Tony McEnery writes: If elected to the board I will represent the views of those interested in the use of the TEI to encode and exploit corpora. I have wide experience of using the TEI in a range of corpus building activities, including the development of spoken corpora, written corpora and multimodal corpora. While I have constructed English language corpora I also have extensive experience of non-English language corpora, having been involved in the construction of corpora for languages such as Bengali, Chinese, French, Gujarati, Hindi, Panjabi, Polish, Spanish and Urdu. In addition I am a member of the board of a major corpus provider, ELRA. If elected, I would like to act as a bridge between the TEI and this organization which represents a large number of corpus builders and users throughout the world.


Martin Mueller writes: I am a Professor of English and Classics at Northwestern University. My primary research field has been the uses of ancient epic and tragedy by European writers since the Renaissance. I have also written on Homer and Shakespeare. More recently I have become interested in the uses of information technology for traditional philological inquiries. Together with Ahuvia Kahane, Craig Berry, and Bill Parod I am the editor of The Chicago Homer, a bilingual Web-accessible database of early Greek epic, published by the University of Chicago Press this fall.

As for the TEI, I have been a great admirer of the subtle and complex thinking that has gone into its design. At the same time, I doubt whether it can get a foothold beyond a small circle of editors and hackers unless it can become an authoring tool that graduate students or faculty with low technology pain thresholds may find advantageous to use for various projects. My hope is that an appropriately modified version of the TEI-Lite could serve that function and would provide a way of ‘ramping up’ to more complex uses. I see the construction of such a ‘ramp’ as the most promising way of anchoring familiarity with the TEI in the broader community of humanities scholars on whose interest and support the success of the TEI will depend in the long run.


Merrilee Proffitt writes: I graduated from UC Berkeley degrees in English and American History. I worked for over twelve years at The Bancroft Library at UC Berkeley. During my time at Berkeley, I managed digital library publishing and imaging projects, and worked with both TEI and EAD. I now work for RLG, collaborating with our member institutions on standards and projects that help define or resolve community issues. My professional interests are metadata, the future of special collections/archives, and tools development. I am involved in the development of METS (Metadata Encoding and Transmission Standard)

My thoughts on future directions for the TEI are directly tied to my professional interests. From my perspective, the TEI Consortium needs to
  1. concentrate on developing and supporting tools for Consortium members and others who wish to use the TEI;
  2. support the emergence of community-specific best practice guidelines for the use of the TEI (such as those developed by the DLF);
  3. ensure the TEI's interoperability with metadata standards and emerging standards, such as EAD, MARC, Dublin Core, etc. (There are certainly other metadata standards, but I come from the library world!)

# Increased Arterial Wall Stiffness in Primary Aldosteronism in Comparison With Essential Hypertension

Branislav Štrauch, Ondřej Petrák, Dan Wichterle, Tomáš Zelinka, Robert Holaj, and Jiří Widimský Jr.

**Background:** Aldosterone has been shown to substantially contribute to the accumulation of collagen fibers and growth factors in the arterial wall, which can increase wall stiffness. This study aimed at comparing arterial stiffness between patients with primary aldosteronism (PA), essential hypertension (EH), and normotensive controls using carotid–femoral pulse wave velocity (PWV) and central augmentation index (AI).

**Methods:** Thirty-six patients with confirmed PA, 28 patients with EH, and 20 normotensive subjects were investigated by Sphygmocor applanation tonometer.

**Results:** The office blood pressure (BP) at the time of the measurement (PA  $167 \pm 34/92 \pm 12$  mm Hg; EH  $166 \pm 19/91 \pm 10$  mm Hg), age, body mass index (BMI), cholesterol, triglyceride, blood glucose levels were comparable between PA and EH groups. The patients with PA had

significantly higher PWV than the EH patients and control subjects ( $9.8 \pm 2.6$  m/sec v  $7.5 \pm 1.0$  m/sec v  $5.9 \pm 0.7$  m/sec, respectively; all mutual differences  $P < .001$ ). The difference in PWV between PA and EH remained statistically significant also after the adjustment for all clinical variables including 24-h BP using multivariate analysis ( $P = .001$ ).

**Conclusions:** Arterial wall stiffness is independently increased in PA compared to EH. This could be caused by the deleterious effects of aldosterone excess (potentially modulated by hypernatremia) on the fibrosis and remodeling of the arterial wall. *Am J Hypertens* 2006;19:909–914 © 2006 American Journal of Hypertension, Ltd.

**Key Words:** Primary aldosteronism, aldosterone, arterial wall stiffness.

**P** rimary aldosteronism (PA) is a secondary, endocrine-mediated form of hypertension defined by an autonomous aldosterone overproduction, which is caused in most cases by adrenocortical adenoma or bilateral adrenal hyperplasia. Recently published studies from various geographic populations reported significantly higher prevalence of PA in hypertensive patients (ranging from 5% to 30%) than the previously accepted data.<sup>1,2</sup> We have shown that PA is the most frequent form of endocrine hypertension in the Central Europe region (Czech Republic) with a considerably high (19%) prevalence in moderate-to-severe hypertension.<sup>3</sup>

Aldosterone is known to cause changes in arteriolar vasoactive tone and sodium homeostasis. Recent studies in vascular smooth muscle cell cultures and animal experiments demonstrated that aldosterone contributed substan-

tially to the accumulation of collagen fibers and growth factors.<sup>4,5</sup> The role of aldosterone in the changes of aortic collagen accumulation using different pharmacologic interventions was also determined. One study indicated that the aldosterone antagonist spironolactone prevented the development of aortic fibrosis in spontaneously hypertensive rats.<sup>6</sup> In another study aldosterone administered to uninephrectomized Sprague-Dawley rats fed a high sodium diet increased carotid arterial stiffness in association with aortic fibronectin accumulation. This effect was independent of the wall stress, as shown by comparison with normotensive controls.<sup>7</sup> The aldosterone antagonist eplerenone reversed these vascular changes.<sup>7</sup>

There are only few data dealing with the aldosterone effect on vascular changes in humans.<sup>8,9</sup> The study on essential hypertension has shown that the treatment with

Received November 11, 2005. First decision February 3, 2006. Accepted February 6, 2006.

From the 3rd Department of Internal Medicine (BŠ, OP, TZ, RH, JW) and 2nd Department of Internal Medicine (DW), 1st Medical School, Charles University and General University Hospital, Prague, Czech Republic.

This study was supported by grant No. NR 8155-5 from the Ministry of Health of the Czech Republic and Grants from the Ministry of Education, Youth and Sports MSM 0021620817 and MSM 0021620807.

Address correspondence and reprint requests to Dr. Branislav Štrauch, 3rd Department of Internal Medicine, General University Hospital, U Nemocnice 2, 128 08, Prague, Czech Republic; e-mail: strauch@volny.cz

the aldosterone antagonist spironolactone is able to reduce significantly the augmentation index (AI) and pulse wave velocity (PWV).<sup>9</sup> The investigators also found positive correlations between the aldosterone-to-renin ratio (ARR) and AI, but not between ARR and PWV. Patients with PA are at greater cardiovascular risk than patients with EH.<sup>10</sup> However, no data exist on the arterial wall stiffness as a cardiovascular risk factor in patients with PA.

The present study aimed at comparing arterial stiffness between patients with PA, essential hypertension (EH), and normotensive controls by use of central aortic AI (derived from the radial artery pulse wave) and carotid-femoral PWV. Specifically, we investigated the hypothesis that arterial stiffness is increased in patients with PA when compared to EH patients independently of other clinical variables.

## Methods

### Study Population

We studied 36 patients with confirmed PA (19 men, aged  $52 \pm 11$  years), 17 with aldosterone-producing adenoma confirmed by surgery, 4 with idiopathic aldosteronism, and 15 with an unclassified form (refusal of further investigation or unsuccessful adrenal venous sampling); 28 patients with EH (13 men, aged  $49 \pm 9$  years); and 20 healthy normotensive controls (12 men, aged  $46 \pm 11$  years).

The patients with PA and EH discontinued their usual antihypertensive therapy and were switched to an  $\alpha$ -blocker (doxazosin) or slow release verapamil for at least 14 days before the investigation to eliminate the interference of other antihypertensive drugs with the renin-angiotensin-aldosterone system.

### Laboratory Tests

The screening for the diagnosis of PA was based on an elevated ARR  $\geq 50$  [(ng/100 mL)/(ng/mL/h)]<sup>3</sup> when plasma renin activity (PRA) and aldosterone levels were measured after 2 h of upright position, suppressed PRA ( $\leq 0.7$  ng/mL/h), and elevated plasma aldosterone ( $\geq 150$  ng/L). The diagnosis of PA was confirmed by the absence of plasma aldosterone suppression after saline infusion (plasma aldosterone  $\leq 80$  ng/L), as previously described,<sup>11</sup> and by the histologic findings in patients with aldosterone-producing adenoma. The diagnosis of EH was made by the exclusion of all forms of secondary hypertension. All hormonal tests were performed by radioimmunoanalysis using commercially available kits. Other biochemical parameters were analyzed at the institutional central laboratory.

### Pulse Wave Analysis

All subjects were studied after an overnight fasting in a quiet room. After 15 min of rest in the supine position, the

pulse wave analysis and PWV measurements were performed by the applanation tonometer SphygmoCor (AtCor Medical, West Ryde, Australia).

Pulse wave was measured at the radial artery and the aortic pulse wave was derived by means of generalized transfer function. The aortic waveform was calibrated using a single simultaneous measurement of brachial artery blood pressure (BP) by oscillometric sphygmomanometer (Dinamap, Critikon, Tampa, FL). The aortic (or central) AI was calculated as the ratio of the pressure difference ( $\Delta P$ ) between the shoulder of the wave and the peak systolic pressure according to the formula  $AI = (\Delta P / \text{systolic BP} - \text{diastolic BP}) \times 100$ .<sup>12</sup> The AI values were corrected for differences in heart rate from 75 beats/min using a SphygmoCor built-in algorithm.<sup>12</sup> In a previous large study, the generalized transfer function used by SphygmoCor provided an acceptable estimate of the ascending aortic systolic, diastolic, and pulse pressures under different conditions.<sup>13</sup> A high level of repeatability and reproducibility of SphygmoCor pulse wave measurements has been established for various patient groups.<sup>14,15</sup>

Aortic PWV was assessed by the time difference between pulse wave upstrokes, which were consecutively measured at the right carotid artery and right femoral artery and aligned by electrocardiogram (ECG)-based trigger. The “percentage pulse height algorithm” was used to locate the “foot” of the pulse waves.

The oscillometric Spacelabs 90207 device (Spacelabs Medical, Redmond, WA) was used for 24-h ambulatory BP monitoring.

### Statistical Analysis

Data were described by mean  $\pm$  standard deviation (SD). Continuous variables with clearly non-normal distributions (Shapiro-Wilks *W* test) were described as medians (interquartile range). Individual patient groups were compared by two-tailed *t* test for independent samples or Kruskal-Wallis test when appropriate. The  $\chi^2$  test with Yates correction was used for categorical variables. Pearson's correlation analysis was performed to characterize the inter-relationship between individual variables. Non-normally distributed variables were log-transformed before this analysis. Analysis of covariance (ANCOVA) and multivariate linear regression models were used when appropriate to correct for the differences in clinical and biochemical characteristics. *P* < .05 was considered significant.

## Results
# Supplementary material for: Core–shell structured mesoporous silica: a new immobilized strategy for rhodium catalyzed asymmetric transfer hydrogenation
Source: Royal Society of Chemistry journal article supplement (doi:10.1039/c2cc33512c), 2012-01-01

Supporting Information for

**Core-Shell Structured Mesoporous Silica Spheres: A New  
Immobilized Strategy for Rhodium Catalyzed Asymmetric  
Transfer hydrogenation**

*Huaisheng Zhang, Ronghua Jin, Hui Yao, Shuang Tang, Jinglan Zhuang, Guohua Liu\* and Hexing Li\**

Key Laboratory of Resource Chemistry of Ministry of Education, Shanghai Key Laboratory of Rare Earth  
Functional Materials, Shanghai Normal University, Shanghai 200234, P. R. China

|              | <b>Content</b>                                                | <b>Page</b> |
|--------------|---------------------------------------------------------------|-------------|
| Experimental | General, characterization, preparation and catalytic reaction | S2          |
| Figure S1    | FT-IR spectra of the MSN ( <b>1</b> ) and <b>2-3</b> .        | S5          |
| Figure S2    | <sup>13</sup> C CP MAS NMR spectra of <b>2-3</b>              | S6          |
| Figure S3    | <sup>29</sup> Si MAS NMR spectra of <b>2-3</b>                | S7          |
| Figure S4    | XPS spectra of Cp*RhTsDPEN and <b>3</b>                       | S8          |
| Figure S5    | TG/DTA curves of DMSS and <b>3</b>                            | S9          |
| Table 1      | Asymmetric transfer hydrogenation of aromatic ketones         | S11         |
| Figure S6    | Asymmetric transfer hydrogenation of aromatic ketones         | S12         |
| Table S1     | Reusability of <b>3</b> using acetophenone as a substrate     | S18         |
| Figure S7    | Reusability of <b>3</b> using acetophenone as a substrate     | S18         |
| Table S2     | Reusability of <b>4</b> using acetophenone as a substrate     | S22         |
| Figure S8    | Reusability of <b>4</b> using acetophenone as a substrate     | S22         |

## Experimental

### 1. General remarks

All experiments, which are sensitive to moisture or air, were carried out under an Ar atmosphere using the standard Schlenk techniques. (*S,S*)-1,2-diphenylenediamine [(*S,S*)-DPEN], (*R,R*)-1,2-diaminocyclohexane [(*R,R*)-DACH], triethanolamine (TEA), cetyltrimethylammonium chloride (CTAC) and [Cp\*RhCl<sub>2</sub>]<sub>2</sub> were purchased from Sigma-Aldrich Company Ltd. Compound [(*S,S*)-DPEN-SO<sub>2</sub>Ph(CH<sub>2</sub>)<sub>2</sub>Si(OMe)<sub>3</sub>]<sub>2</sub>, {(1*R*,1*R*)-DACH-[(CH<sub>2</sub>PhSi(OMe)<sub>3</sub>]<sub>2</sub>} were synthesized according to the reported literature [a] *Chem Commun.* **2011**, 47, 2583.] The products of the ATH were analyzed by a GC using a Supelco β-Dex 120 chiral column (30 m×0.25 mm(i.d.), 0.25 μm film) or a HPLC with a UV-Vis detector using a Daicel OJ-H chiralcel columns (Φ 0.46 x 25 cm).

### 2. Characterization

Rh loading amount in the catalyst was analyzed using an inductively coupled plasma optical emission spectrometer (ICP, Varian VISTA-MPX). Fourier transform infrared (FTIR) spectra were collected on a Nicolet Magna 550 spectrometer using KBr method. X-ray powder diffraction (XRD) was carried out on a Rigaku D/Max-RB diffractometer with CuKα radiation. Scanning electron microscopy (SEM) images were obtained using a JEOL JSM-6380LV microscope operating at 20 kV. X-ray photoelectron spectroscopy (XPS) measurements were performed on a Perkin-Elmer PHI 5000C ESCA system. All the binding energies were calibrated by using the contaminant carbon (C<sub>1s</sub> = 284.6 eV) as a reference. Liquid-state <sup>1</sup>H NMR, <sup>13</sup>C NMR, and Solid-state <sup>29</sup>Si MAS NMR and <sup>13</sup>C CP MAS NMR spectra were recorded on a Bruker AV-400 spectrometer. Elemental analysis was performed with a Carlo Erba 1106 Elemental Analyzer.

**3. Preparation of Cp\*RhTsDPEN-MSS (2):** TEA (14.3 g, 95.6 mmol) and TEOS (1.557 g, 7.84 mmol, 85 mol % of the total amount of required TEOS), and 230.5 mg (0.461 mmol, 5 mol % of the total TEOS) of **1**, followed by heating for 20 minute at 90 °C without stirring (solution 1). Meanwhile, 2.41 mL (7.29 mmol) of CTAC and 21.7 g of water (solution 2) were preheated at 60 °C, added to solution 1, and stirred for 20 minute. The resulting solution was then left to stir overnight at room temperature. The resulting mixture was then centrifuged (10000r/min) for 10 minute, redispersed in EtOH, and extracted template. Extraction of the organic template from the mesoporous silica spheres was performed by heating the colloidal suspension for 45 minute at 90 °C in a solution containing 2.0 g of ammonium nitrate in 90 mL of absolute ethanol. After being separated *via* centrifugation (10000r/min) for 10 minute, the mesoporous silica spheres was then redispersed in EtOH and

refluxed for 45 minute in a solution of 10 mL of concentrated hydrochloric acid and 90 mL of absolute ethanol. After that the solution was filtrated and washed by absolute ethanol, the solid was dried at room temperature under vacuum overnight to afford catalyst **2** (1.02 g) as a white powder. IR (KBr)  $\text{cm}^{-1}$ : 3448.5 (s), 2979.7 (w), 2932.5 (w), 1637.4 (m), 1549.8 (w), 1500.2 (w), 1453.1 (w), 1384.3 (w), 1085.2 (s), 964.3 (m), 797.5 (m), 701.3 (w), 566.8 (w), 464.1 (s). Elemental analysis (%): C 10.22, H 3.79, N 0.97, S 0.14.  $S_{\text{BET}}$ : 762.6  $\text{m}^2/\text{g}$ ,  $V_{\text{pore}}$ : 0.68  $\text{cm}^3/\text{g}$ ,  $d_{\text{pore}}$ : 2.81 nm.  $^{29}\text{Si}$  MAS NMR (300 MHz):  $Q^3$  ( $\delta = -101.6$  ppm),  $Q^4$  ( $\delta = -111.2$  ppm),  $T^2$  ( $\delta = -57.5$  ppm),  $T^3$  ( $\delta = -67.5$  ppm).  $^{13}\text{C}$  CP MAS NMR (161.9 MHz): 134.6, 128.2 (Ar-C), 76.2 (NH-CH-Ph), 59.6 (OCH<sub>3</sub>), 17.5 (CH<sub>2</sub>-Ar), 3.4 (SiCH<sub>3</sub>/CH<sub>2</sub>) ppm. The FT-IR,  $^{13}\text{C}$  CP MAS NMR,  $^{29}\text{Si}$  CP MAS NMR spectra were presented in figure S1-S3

Peter Robinson writes: I have been associated with the TEI for over ten years. I was chair of the Textual Criticism workgroup and a member of the primary source transcription source group; I was primarily responsible for the chapters dealing with these in the Guidelines; and I gave both these sections the most thorough testing in the work of the Canterbury Tales project over this last decade Latterly, I have led the EU-funded MASTER project in devising and implementing a standard for descriptions of manuscript descriptions. Because I have found it difficult to publish the XML we have made as we would wish, in my spare time I created an advanced XML publication system and a publishing company to publish it and the goods we have made. The software has now been released, as Anastasia; the publishing company is Scholarly Digital Editions. As a member of the TEI board, my concerns would reflect my use of TEI as a practitioner and sometime theorist: to keep the TEI both elegant and useful.


Geoffrey Rockwell is the Assistant to the Dean of Humanities for Computing at McMaster University in which capacity he directs the Teaching and Computing Labs. He is also an Associate Professor of Humanities Computing and Multimedia in the School of the Arts. He received a B.A. in philosophy from Haverford College, an M.A. and Ph.D. in Philosophy from the University of Toronto and worked at the University of Toronto as a Senior Instructional Technology Specialist. He has published and presented papers in the area of textual visualization, text analysis tools, humanities computing, instructional technology, and multimedia. He has been an active member of the humanities computing community since 1989 and is presently working on two electronic text projects that employ the TEI guidelines. If elected he would contribute to the TEI:
  1. work on projects to educate humanists about the TEI and to make it accessible in different ways,
  2. work on outreach activities to engage other organizations with overlapping guidelines, and